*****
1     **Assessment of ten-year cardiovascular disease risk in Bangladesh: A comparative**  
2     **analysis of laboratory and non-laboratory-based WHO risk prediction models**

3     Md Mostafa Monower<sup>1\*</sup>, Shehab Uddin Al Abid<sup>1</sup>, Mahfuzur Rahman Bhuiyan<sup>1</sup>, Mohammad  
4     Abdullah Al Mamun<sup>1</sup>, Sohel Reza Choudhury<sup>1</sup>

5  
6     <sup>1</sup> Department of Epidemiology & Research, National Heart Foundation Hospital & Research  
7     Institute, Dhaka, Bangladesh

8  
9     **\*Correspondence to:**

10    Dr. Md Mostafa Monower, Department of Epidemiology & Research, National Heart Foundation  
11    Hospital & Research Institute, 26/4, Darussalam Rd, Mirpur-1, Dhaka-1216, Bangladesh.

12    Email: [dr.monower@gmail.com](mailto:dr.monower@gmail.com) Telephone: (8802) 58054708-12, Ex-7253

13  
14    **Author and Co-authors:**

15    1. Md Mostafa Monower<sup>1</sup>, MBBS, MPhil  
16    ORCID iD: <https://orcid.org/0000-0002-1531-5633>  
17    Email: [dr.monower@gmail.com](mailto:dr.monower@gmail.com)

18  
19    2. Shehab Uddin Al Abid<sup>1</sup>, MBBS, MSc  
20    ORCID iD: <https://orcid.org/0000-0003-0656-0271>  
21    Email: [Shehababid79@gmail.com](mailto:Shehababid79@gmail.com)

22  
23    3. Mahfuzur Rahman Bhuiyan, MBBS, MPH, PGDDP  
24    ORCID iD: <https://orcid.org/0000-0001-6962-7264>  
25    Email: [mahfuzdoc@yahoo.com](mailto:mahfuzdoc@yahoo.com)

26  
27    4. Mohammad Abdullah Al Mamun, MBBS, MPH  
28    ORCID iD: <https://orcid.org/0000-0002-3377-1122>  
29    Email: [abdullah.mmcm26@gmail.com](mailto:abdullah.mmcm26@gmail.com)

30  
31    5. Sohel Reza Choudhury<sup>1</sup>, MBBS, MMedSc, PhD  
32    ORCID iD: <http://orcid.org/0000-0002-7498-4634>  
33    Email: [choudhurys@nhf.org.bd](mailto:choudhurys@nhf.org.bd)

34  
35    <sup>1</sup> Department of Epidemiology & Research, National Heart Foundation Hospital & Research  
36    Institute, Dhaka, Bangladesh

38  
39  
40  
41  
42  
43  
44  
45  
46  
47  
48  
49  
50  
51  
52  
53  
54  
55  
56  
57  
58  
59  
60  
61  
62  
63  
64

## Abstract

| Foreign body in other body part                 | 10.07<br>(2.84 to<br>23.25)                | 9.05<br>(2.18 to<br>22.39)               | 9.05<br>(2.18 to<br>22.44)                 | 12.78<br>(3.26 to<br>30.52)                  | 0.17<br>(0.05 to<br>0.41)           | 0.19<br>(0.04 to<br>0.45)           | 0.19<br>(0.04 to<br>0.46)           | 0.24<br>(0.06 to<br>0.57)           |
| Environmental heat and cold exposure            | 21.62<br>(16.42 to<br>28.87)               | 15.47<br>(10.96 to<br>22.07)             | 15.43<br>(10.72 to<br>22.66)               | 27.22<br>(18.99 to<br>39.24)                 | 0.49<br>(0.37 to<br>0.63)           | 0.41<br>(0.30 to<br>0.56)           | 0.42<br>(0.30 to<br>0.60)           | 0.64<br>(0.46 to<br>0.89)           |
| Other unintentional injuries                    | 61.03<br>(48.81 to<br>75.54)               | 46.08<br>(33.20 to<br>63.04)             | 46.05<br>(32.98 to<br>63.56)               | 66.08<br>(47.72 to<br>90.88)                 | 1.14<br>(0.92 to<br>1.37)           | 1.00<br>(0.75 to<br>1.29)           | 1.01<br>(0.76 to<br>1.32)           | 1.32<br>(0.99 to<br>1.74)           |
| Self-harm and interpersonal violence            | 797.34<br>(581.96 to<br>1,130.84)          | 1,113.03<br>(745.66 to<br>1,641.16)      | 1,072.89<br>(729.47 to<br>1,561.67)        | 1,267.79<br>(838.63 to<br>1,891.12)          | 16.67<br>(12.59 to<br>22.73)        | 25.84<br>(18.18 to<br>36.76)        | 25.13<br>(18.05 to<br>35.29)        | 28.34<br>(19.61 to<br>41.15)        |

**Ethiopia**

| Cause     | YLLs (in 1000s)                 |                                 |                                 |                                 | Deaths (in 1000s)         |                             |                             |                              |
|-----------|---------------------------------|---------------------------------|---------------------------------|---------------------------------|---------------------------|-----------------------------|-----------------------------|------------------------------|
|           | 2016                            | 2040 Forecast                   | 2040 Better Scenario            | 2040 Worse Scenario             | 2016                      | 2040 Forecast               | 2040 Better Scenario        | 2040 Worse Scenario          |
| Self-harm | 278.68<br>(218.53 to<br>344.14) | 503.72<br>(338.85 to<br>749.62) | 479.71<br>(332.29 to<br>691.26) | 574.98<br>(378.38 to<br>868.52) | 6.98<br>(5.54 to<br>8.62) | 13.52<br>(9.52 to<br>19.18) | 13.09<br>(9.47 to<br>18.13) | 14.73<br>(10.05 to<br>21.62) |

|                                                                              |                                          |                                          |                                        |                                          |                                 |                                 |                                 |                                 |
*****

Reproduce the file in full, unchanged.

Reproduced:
1     **Assessment of ten-year cardiovascular disease risk in Bangladesh: A comparative**  
2     **analysis of laboratory and non-laboratory-based WHO risk prediction models**

3     Md Mostafa Monower<sup>1\*</sup>, Shehab Uddin Al Abid<sup>1</sup>, Mahfuzur Rahman Bhuiyan<sup>1</sup>, Mohammad  
4     Abdullah Al Mamun<sup>1</sup>, Sohel Reza Choudhury<sup>1</sup>

5  
6     <sup>1</sup> Department of Epidemiology & Research, National Heart Foundation Hospital & Research  
7     Institute, Dhaka, Bangladesh

8  
9     **\*Correspondence to:**

10    Dr. Md Mostafa Monower, Department of Epidemiology & Research, National Heart Foundation  
11    Hospital & Research Institute, 26/4, Darussalam Rd, Mirpur-1, Dhaka-1216, Bangladesh.

12    Email: [dr.monower@gmail.com](mailto:dr.monower@gmail.com) Telephone: (8802) 58054708-12, Ex-7253

13  
14    **Author and Co-authors:**

15    1. Md Mostafa Monower<sup>1</sup>, MBBS, MPhil  
16    ORCID iD: <https://orcid.org/0000-0002-1531-5633>  
17    Email: [dr.monower@gmail.com](mailto:dr.monower@gmail.com)

18  
19    2. Shehab Uddin Al Abid<sup>1</sup>, MBBS, MSc  
20    ORCID iD: <https://orcid.org/0000-0003-0656-0271>  
21    Email: [Shehababid79@gmail.com](mailto:Shehababid79@gmail.com)

22  
23    3. Mahfuzur Rahman Bhuiyan, MBBS, MPH, PGDDP  
24    ORCID iD: <https://orcid.org/0000-0001-6962-7264>  
25    Email: [mahfuzdoc@yahoo.com](mailto:mahfuzdoc@yahoo.com)

26  
27    4. Mohammad Abdullah Al Mamun, MBBS, MPH  
28    ORCID iD: <https://orcid.org/0000-0002-3377-1122>  
29    Email: [abdullah.mmcm26@gmail.com](mailto:abdullah.mmcm26@gmail.com)

30  
31    5. Sohel Reza Choudhury<sup>1</sup>, MBBS, MMedSc, PhD  
32    ORCID iD: <http://orcid.org/0000-0002-7498-4634>  
33    Email: [choudhurys@nhf.org.bd](mailto:choudhurys@nhf.org.bd)

34  
35    <sup>1</sup> Department of Epidemiology & Research, National Heart Foundation Hospital & Research  
36    Institute, Dhaka, Bangladesh

38  
39  
40  
41  
42  
43  
44  
45  
46  
47  
48  
49  
50  
51  
52  
53  
54  
55  
56  
57  
58  
59  
60  
61  
62  
63  
64

## Abstract

| Foreign body in other body part                 | 10.07<br>(2.84 to<br>23.25)                | 9.05<br>(2.18 to<br>22.39)               | 9.05<br>(2.18 to<br>22.44)                 | 12.78<br>(3.26 to<br>30.52)                  | 0.17<br>(0.05 to<br>0.41)           | 0.19<br>(0.04 to<br>0.45)           | 0.19<br>(0.04 to<br>0.46)           | 0.24<br>(0.06 to<br>0.57)           |
| Environmental heat and cold exposure            | 21.62<br>(16.42 to<br>28.87)               | 15.47<br>(10.96 to<br>22.07)             | 15.43<br>(10.72 to<br>22.66)               | 27.22<br>(18.99 to<br>39.24)                 | 0.49<br>(0.37 to<br>0.63)           | 0.41<br>(0.30 to<br>0.56)           | 0.42<br>(0.30 to<br>0.60)           | 0.64<br>(0.46 to<br>0.89)           |
| Other unintentional injuries                    | 61.03<br>(48.81 to<br>75.54)               | 46.08<br>(33.20 to<br>63.04)             | 46.05<br>(32.98 to<br>63.56)               | 66.08<br>(47.72 to<br>90.88)                 | 1.14<br>(0.92 to<br>1.37)           | 1.00<br>(0.75 to<br>1.29)           | 1.01<br>(0.76 to<br>1.32)           | 1.32<br>(0.99 to<br>1.74)           |
| Self-harm and interpersonal violence            | 797.34<br>(581.96 to<br>1,130.84)          | 1,113.03<br>(745.66 to<br>1,641.16)      | 1,072.89<br>(729.47 to<br>1,561.67)        | 1,267.79<br>(838.63 to<br>1,891.12)          | 16.67<br>(12.59 to<br>22.73)        | 25.84<br>(18.18 to<br>36.76)        | 25.13<br>(18.05 to<br>35.29)        | 28.34<br>(19.61 to<br>41.15)        |

**Ethiopia**

| Cause     | YLLs (in 1000s)                 |                                 |                                 |                                 | Deaths (in 1000s)         |                             |                             |                              |
|-----------|---------------------------------|---------------------------------|---------------------------------|---------------------------------|---------------------------|-----------------------------|-----------------------------|------------------------------|
|           | 2016                            | 2040 Forecast                   | 2040 Better Scenario            | 2040 Worse Scenario             | 2016                      | 2040 Forecast               | 2040 Better Scenario        | 2040 Worse Scenario          |
| Self-harm | 278.68<br>(218.53 to<br>344.14) | 503.72<br>(338.85 to<br>749.62) | 479.71<br>(332.29 to<br>691.26) | 574.98<br>(378.38 to<br>868.52) | 6.98<br>(5.54 to<br>8.62) | 13.52<br>(9.52 to<br>19.18) | 13.09<br>(9.47 to<br>18.13) | 14.73<br>(10.05 to<br>21.62) |

|                                                                              |                                          |                                          |                                        |                                          |                                 |                                 |                                 |                                 |